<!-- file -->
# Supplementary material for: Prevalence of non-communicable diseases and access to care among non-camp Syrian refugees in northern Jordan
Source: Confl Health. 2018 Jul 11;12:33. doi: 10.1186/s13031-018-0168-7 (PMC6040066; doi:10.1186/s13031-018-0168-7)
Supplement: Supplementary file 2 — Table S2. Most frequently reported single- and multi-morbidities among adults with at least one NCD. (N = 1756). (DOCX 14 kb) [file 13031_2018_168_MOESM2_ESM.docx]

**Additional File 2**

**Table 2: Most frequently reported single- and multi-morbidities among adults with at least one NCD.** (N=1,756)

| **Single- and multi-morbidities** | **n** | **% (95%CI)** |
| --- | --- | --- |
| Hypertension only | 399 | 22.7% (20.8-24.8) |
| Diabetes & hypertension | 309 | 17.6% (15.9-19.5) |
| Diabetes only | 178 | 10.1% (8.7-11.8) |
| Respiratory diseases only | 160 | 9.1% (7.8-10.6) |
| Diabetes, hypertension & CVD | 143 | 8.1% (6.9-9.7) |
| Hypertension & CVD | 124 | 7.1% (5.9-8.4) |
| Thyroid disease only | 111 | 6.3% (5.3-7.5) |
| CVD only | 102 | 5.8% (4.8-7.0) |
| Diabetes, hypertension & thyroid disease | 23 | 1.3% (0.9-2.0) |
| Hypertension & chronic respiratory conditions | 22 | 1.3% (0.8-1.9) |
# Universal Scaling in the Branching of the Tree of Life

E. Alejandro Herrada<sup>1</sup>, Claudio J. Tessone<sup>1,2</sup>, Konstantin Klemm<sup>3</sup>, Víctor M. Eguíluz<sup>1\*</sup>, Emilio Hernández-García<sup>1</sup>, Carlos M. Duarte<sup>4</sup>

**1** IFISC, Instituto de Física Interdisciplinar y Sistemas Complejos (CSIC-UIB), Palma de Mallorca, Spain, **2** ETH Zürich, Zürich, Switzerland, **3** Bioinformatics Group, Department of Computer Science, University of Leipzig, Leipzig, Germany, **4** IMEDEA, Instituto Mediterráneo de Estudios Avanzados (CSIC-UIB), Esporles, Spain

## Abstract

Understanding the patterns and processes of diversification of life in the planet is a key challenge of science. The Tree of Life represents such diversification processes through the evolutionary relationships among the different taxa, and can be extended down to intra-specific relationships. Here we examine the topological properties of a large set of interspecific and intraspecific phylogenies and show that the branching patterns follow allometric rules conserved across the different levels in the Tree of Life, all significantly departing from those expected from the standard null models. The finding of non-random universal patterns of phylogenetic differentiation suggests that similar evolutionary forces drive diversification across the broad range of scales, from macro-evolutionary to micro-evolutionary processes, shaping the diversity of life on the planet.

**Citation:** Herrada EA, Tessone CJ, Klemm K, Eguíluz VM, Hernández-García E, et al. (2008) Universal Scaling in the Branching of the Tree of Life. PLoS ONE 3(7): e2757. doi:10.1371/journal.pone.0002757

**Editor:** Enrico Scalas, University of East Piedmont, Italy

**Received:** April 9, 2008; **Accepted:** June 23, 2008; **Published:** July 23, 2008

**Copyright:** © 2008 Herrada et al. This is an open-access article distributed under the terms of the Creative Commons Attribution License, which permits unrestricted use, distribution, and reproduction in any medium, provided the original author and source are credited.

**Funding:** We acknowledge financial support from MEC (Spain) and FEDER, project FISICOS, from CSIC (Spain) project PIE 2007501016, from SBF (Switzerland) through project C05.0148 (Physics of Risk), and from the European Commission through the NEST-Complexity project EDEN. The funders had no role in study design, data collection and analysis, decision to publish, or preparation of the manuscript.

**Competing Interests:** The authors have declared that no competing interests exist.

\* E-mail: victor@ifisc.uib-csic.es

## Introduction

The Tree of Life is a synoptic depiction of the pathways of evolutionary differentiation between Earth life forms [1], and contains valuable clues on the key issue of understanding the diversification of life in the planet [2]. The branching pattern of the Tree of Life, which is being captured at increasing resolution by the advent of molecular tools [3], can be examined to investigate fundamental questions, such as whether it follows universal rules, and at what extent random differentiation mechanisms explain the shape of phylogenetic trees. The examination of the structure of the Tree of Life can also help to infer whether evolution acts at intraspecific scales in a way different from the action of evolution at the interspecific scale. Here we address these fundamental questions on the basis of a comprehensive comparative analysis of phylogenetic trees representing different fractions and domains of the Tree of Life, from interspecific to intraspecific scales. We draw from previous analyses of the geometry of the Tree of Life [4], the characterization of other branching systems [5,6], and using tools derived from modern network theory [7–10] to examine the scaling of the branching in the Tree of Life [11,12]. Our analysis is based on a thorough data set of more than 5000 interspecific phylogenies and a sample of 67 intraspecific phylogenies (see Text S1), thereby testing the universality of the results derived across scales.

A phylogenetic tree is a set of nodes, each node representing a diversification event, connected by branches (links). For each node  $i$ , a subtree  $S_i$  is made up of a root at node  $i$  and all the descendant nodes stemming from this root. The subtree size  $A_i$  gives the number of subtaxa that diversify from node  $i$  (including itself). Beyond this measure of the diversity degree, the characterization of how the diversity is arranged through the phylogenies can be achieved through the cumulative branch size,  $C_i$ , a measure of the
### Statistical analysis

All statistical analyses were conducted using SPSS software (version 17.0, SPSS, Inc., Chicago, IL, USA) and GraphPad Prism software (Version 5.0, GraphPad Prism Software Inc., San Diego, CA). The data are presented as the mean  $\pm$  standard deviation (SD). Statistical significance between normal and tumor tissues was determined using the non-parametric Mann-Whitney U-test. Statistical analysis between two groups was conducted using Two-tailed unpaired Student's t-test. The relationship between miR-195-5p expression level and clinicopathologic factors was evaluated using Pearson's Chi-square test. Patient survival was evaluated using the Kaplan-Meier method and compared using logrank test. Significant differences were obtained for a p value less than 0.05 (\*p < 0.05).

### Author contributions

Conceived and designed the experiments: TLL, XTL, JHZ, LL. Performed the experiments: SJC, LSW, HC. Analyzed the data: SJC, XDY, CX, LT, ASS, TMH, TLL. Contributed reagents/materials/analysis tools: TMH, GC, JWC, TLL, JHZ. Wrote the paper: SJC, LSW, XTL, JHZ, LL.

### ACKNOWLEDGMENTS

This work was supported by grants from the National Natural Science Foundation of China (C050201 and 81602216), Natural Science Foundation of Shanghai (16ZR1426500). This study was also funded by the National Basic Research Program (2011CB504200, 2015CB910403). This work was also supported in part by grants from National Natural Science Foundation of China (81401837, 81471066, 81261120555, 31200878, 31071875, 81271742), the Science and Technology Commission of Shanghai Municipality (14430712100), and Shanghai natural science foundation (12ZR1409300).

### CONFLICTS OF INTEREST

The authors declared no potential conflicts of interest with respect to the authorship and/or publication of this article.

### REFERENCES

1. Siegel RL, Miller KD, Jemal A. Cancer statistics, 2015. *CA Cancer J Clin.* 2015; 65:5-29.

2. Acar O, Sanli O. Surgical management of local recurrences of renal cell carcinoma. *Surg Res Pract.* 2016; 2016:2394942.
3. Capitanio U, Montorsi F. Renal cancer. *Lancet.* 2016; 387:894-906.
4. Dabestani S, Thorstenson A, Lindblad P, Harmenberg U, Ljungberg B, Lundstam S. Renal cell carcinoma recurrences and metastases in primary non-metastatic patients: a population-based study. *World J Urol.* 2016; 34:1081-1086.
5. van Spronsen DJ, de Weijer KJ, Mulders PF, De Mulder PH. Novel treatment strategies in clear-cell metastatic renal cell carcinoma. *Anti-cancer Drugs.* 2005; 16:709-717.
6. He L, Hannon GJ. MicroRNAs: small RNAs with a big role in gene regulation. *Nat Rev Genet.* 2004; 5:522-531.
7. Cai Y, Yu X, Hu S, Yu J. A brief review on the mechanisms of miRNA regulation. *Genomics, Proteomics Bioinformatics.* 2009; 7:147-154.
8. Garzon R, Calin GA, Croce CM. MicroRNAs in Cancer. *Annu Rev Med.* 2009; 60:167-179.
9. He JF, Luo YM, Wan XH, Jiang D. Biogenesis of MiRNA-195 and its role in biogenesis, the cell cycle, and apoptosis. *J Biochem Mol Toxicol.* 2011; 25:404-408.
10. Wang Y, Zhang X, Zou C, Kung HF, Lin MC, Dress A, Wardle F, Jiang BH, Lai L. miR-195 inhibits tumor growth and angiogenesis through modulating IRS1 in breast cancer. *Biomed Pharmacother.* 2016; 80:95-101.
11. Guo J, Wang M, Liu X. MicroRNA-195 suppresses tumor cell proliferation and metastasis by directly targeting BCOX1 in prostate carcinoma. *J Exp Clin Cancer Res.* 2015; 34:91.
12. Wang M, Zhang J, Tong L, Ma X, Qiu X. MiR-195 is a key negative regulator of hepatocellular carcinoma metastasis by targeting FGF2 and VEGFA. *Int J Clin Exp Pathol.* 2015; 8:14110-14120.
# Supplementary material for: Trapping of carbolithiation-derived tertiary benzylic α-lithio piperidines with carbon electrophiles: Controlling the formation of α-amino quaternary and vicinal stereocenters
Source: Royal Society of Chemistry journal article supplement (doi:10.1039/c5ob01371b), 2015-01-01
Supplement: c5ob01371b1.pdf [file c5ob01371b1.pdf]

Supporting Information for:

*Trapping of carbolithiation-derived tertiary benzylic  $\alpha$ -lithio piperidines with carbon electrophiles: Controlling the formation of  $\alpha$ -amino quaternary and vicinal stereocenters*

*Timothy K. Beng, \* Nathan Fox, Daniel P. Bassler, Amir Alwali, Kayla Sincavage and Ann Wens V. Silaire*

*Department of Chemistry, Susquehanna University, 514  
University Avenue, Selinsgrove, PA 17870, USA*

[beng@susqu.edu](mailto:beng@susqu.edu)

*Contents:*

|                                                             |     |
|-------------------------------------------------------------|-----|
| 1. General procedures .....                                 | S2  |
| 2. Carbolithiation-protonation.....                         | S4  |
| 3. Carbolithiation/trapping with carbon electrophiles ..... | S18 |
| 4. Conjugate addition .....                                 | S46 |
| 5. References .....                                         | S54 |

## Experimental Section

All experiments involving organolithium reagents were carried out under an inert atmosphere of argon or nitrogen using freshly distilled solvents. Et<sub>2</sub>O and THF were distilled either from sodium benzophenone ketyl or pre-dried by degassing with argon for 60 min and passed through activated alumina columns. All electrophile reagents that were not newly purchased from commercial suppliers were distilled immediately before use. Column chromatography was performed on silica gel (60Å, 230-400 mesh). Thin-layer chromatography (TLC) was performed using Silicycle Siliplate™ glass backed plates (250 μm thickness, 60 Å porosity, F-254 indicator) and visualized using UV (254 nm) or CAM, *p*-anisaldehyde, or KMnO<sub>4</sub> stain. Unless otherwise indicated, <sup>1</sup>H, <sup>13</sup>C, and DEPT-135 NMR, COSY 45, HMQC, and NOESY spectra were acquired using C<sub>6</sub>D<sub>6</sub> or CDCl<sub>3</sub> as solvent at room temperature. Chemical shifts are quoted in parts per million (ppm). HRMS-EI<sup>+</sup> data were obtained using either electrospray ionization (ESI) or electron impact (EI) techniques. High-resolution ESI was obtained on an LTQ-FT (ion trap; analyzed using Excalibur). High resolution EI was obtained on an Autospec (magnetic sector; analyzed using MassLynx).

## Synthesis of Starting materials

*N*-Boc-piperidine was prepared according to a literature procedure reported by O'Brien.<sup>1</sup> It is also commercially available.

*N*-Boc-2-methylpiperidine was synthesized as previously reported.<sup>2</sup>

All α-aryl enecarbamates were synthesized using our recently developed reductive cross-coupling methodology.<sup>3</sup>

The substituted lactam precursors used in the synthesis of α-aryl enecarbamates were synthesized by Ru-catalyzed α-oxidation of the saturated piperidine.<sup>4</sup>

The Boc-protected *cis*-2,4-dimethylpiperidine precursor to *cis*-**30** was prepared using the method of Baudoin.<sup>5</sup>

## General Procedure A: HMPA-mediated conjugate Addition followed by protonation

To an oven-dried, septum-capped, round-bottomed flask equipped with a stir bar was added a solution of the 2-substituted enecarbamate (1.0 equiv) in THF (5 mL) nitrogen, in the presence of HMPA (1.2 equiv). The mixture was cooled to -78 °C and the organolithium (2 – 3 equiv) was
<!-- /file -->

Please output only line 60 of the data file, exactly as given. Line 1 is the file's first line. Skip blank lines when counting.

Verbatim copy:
*Department of Chemistry, Susquehanna University, 514  